More than 1,300 sexually active girls sought services from the school-based health centers during the 2006-07 school year, and nearly 90 percent were screened for chlamydia. Of those tested, about 7 percent tested positive for chlamydia. Young black women, Asian women and women identifying as "other race" were more likely to test positive than white women. Because it was integrated with other reproductive health services, this program efficiently brought screening services to a hard to reach, high risk youth population.
For more information see:
- California Family Health Council. "To Screen or Not to Screen—Maximizing Chlamydia Screening of Adolescent Females in School Based Health Centers in California."
Successful Texas Campaign Targets African-American Teens
The Texas Department of State Health Services launched a media campaign to increase awareness of STDs and the need for testing among sexually active African-American girls ages 15 to 19. The state Bureau of HIV and STD Prevention’s successful campaign received the National Public Health Information Coalition’s Bronze Award for Excellence in Public Health Communication.
The STD Awareness Media Campaign, developed by the bureau with a public relations agency, used targeted television, radio and billboard advertisements to bring STD awareness and prevention messages to African-American adolescent girls in the cities of Tyler and Longview. The campaign’s tools included an interactive CD-ROM-based tool developed by the CDC that provides practical, step-by-step assistance to public health professionals in designing public health educational campaigns.
Surveys of adolescents after the pilot campaign indicated that awareness of chlamydia as an STD more than doubled. Of those who saw the campaign ads, 69 percent said the ads made them think more about STDs than they had before, 28 percent said they talked to someone about STDs because of the ads, and 19 percent said they got tested for an STD other than HIV because of the ads. The ads continue to be used by public health departments throughout Texas for public information campaigns.
For more information see:
- Centers for Disease Control. "CDCynergy - STD Prevention Edition."
Illinois Public Health and Corrections Access Community Services
Beginning in the late 1990s, the Illinois Public Health and Corrections Task Force brought together the corrections and public health communities with the Chicago agencies taking the lead. More than 160 organizations including local health departments, county jails, faith-based organizations, policymakers, community-based organizations and five of Chicago’s top universities participated in the task force. From 1999 to 2004, a task force initiative integrated health resources to improve the health status of inmates either in correctional institutions or recently released from one. Cook County Department of Corrections inmates received services during and after incarceration. Those services included coordinated primary care and links to referrals; prevention counseling and treatment services for HIV/AIDS, other STDs, hepatitis and tuberculosis; and mental health and substance abuse assessment and treatment services.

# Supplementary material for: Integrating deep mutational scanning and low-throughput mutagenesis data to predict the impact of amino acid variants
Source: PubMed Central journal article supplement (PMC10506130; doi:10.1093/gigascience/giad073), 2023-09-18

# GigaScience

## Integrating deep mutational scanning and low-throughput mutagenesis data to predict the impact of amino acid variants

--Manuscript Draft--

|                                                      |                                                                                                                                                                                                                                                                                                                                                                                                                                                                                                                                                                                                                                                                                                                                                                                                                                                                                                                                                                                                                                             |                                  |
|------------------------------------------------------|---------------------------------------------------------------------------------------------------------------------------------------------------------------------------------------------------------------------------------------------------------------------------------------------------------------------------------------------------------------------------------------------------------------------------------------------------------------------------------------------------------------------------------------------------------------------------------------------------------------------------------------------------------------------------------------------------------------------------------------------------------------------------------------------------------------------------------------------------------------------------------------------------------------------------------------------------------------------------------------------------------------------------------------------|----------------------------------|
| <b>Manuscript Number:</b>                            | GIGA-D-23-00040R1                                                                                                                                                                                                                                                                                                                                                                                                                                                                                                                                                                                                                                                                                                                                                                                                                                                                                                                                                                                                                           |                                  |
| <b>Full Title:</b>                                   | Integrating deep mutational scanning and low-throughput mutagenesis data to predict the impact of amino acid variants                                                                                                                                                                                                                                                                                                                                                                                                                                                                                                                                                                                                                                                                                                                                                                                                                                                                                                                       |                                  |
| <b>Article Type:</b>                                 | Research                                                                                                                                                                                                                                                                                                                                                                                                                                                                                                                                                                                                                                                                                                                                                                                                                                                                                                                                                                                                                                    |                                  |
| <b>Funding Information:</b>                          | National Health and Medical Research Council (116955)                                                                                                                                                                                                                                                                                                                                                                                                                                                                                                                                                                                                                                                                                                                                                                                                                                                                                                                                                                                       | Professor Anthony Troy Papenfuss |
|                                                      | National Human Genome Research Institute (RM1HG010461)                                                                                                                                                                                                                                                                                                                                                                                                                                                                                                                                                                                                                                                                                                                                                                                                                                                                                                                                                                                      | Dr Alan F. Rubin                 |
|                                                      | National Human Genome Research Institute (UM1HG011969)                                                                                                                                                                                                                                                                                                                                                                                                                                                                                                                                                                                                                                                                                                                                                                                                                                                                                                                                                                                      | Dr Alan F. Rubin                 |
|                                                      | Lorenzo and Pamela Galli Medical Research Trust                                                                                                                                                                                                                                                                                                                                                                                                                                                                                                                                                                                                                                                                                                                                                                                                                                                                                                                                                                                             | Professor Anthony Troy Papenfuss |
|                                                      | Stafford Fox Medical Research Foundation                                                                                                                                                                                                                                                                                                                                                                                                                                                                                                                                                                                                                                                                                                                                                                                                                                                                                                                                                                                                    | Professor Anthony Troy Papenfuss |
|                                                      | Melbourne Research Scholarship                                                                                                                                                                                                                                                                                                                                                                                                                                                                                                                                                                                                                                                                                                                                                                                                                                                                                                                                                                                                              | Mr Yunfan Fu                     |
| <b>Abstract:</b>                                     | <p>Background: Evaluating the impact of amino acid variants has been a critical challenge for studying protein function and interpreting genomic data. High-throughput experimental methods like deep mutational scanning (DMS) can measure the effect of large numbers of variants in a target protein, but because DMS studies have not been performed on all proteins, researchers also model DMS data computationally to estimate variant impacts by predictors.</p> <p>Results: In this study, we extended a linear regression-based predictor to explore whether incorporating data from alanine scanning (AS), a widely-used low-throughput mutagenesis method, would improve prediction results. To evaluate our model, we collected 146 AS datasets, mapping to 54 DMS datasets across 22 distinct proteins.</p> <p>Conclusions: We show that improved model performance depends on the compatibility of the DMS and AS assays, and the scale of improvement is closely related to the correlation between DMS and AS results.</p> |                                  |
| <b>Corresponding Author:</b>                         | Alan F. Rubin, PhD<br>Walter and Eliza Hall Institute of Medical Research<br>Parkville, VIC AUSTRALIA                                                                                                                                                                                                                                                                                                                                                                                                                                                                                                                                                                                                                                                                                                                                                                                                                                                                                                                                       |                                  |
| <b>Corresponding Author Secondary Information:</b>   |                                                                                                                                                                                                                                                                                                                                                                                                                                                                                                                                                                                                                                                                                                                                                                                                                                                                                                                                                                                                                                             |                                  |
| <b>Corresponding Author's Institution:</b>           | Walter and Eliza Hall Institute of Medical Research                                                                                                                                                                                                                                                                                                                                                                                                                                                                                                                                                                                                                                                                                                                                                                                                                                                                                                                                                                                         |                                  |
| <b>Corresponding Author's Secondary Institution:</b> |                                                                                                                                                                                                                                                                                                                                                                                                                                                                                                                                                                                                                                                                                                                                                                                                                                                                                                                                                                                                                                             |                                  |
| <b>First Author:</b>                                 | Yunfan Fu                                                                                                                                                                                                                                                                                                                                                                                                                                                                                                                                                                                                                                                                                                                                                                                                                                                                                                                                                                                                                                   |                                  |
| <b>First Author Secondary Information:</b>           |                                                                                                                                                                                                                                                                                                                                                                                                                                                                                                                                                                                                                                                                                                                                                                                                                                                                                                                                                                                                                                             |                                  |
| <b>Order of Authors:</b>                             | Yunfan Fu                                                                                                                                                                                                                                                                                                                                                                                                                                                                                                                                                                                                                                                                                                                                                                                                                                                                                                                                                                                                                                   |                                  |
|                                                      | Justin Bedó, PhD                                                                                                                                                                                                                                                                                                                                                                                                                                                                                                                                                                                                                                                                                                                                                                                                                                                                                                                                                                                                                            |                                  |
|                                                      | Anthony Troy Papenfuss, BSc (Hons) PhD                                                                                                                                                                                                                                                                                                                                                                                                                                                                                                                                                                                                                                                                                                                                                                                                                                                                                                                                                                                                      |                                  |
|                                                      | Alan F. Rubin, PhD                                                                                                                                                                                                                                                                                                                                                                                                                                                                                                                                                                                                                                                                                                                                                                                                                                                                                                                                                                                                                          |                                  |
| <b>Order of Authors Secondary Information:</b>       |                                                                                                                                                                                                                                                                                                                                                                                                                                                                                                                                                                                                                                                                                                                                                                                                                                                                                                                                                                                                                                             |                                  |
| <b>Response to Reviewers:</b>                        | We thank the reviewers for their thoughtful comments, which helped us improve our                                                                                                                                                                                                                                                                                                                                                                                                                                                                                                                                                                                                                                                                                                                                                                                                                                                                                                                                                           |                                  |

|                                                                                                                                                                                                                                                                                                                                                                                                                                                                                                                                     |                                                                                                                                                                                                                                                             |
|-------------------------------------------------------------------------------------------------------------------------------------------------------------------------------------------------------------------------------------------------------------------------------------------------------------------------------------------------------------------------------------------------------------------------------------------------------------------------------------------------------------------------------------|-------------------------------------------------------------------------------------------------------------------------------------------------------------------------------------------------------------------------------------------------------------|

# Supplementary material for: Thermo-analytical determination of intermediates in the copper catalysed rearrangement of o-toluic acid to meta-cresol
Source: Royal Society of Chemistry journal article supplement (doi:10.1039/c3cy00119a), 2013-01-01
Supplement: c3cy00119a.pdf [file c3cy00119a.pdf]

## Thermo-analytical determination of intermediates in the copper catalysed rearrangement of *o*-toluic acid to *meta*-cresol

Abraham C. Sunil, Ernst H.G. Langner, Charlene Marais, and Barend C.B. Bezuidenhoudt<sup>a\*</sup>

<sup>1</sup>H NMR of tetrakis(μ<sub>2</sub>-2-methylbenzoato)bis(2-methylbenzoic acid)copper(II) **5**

Managing the health care and assimilation of inmates into the community after release took on new urgency as the number of HIV/AIDS cases identified in correctional facilities increased. The relationships between drug use, disease and cycles of incarceration in jails and prison highlighted the opportunity for corrections and public health officials to join forces.
Through voluntary testing of more than 2,000 inmates, HIV positive inmates were identified and then referred to medical services and intensive case management services prior to release. About one-fifth of the inmates who received case management services were women. Offering a high level of case management, the program provided clients with individualized treatment plans for health and social services, access to the services, and frequent contacts with case managers both inside the correctional facility and after release. Additional education programs were provided to more than 1,000 adolescent females in juvenile detention centers focusing on HIV and hepatitis prevention, and providing hepatitis vaccinations. In addition to the direct benefits to inmates, the program benefited communities of color throughout Chicago, where many of the clients returned to live. Based on the program’s success, Illinois funded additional continuity of care programs throughout the state modeled after the Chicago initiative.